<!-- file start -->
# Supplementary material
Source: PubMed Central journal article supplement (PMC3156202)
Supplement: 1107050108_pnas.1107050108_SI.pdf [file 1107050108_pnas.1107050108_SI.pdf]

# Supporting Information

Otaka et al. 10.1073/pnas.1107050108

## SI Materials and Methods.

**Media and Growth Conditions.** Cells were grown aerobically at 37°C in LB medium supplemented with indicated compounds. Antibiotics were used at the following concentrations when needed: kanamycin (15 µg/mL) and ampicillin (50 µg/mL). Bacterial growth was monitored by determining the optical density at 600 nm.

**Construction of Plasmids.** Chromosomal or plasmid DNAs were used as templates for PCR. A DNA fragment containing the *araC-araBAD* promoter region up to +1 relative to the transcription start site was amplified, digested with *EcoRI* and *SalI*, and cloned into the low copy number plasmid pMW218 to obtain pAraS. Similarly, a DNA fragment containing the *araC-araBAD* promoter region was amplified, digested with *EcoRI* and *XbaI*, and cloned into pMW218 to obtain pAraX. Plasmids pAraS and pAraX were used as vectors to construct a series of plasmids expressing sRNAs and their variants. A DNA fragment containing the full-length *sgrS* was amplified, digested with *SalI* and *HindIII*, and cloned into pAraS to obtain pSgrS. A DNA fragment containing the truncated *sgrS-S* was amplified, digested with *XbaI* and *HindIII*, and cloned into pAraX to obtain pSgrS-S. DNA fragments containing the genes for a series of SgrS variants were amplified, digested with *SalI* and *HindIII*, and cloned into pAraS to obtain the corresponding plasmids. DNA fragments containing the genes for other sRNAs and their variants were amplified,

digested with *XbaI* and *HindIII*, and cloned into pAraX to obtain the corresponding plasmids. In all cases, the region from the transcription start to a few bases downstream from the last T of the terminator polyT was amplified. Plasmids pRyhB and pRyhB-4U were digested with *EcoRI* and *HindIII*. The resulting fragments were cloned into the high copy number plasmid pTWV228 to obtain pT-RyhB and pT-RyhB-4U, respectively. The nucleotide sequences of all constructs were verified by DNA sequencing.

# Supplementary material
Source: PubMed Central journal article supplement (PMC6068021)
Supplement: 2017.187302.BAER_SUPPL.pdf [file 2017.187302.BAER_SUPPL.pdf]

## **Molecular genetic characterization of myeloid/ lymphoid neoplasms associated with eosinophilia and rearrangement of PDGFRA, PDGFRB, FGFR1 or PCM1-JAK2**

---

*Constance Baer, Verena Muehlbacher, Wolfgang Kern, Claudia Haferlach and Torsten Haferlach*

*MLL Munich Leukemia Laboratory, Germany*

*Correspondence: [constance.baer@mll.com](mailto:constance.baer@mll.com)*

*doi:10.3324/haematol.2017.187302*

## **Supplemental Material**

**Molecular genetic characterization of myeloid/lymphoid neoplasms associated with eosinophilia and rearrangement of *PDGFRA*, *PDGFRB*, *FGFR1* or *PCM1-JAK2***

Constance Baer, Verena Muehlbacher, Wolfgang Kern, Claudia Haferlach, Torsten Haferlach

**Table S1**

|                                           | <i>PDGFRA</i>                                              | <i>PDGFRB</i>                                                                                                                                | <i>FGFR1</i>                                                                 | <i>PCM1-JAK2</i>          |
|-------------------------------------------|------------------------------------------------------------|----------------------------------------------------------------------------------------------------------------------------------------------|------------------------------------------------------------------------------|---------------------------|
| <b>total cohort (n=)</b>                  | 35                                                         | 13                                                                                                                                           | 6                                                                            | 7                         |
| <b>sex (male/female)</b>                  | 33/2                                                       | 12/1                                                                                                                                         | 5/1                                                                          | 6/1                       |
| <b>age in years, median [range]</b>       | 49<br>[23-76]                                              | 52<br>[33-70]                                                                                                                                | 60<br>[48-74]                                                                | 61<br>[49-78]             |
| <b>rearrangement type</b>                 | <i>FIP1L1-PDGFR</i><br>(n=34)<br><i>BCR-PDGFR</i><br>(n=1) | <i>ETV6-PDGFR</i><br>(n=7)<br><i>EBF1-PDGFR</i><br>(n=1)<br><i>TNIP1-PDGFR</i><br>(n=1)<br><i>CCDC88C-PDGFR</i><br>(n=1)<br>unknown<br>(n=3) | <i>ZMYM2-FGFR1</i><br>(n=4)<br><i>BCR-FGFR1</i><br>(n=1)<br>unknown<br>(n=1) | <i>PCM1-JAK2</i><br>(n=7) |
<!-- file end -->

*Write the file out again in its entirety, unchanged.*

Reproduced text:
# Supplementary material
Source: PubMed Central journal article supplement (PMC3156202)
Supplement: 1107050108_pnas.1107050108_SI.pdf [file 1107050108_pnas.1107050108_SI.pdf]

# Supporting Information

Otaka et al. 10.1073/pnas.1107050108

## SI Materials and Methods.

**Media and Growth Conditions.** Cells were grown aerobically at 37°C in LB medium supplemented with indicated compounds. Antibiotics were used at the following concentrations when needed: kanamycin (15 µg/mL) and ampicillin (50 µg/mL). Bacterial growth was monitored by determining the optical density at 600 nm.

**Construction of Plasmids.** Chromosomal or plasmid DNAs were used as templates for PCR. A DNA fragment containing the *araC-araBAD* promoter region up to +1 relative to the transcription start site was amplified, digested with *EcoRI* and *SalI*, and cloned into the low copy number plasmid pMW218 to obtain pAraS. Similarly, a DNA fragment containing the *araC-araBAD* promoter region was amplified, digested with *EcoRI* and *XbaI*, and cloned into pMW218 to obtain pAraX. Plasmids pAraS and pAraX were used as vectors to construct a series of plasmids expressing sRNAs and their variants. A DNA fragment containing the full-length *sgrS* was amplified, digested with *SalI* and *HindIII*, and cloned into pAraS to obtain pSgrS. A DNA fragment containing the truncated *sgrS-S* was amplified, digested with *XbaI* and *HindIII*, and cloned into pAraX to obtain pSgrS-S. DNA fragments containing the genes for a series of SgrS variants were amplified, digested with *SalI* and *HindIII*, and cloned into pAraS to obtain the corresponding plasmids. DNA fragments containing the genes for other sRNAs and their variants were amplified,

digested with *XbaI* and *HindIII*, and cloned into pAraX to obtain the corresponding plasmids. In all cases, the region from the transcription start to a few bases downstream from the last T of the terminator polyT was amplified. Plasmids pRyhB and pRyhB-4U were digested with *EcoRI* and *HindIII*. The resulting fragments were cloned into the high copy number plasmid pTWV228 to obtain pT-RyhB and pT-RyhB-4U, respectively. The nucleotide sequences of all constructs were verified by DNA sequencing.

# Supplementary material
Source: PubMed Central journal article supplement (PMC6068021)
Supplement: 2017.187302.BAER_SUPPL.pdf [file 2017.187302.BAER_SUPPL.pdf]

## **Molecular genetic characterization of myeloid/ lymphoid neoplasms associated with eosinophilia and rearrangement of PDGFRA, PDGFRB, FGFR1 or PCM1-JAK2**

---

*Constance Baer, Verena Muehlbacher, Wolfgang Kern, Claudia Haferlach and Torsten Haferlach*

*MLL Munich Leukemia Laboratory, Germany*

*Correspondence: [constance.baer@mll.com](mailto:constance.baer@mll.com)*

*doi:10.3324/haematol.2017.187302*

## **Supplemental Material**

**Molecular genetic characterization of myeloid/lymphoid neoplasms associated with eosinophilia and rearrangement of *PDGFRA*, *PDGFRB*, *FGFR1* or *PCM1-JAK2***

Constance Baer, Verena Muehlbacher, Wolfgang Kern, Claudia Haferlach, Torsten Haferlach

**Table S1**

|                                           | <i>PDGFRA</i>                                              | <i>PDGFRB</i>                                                                                                                                | <i>FGFR1</i>                                                                 | <i>PCM1-JAK2</i>          |
|-------------------------------------------|------------------------------------------------------------|----------------------------------------------------------------------------------------------------------------------------------------------|------------------------------------------------------------------------------|---------------------------|
| <b>total cohort (n=)</b>                  | 35                                                         | 13                                                                                                                                           | 6                                                                            | 7                         |
| <b>sex (male/female)</b>                  | 33/2                                                       | 12/1                                                                                                                                         | 5/1                                                                          | 6/1                       |
| <b>age in years, median [range]</b>       | 49<br>[23-76]                                              | 52<br>[33-70]                                                                                                                                | 60<br>[48-74]                                                                | 61<br>[49-78]             |
| <b>rearrangement type</b>                 | <i>FIP1L1-PDGFR</i><br>(n=34)<br><i>BCR-PDGFR</i><br>(n=1) | <i>ETV6-PDGFR</i><br>(n=7)<br><i>EBF1-PDGFR</i><br>(n=1)<br><i>TNIP1-PDGFR</i><br>(n=1)<br><i>CCDC88C-PDGFR</i><br>(n=1)<br>unknown<br>(n=3) | <i>ZMYM2-FGFR1</i><br>(n=4)<br><i>BCR-FGFR1</i><br>(n=1)<br>unknown<br>(n=1) | <i>PCM1-JAK2</i><br>(n=7) |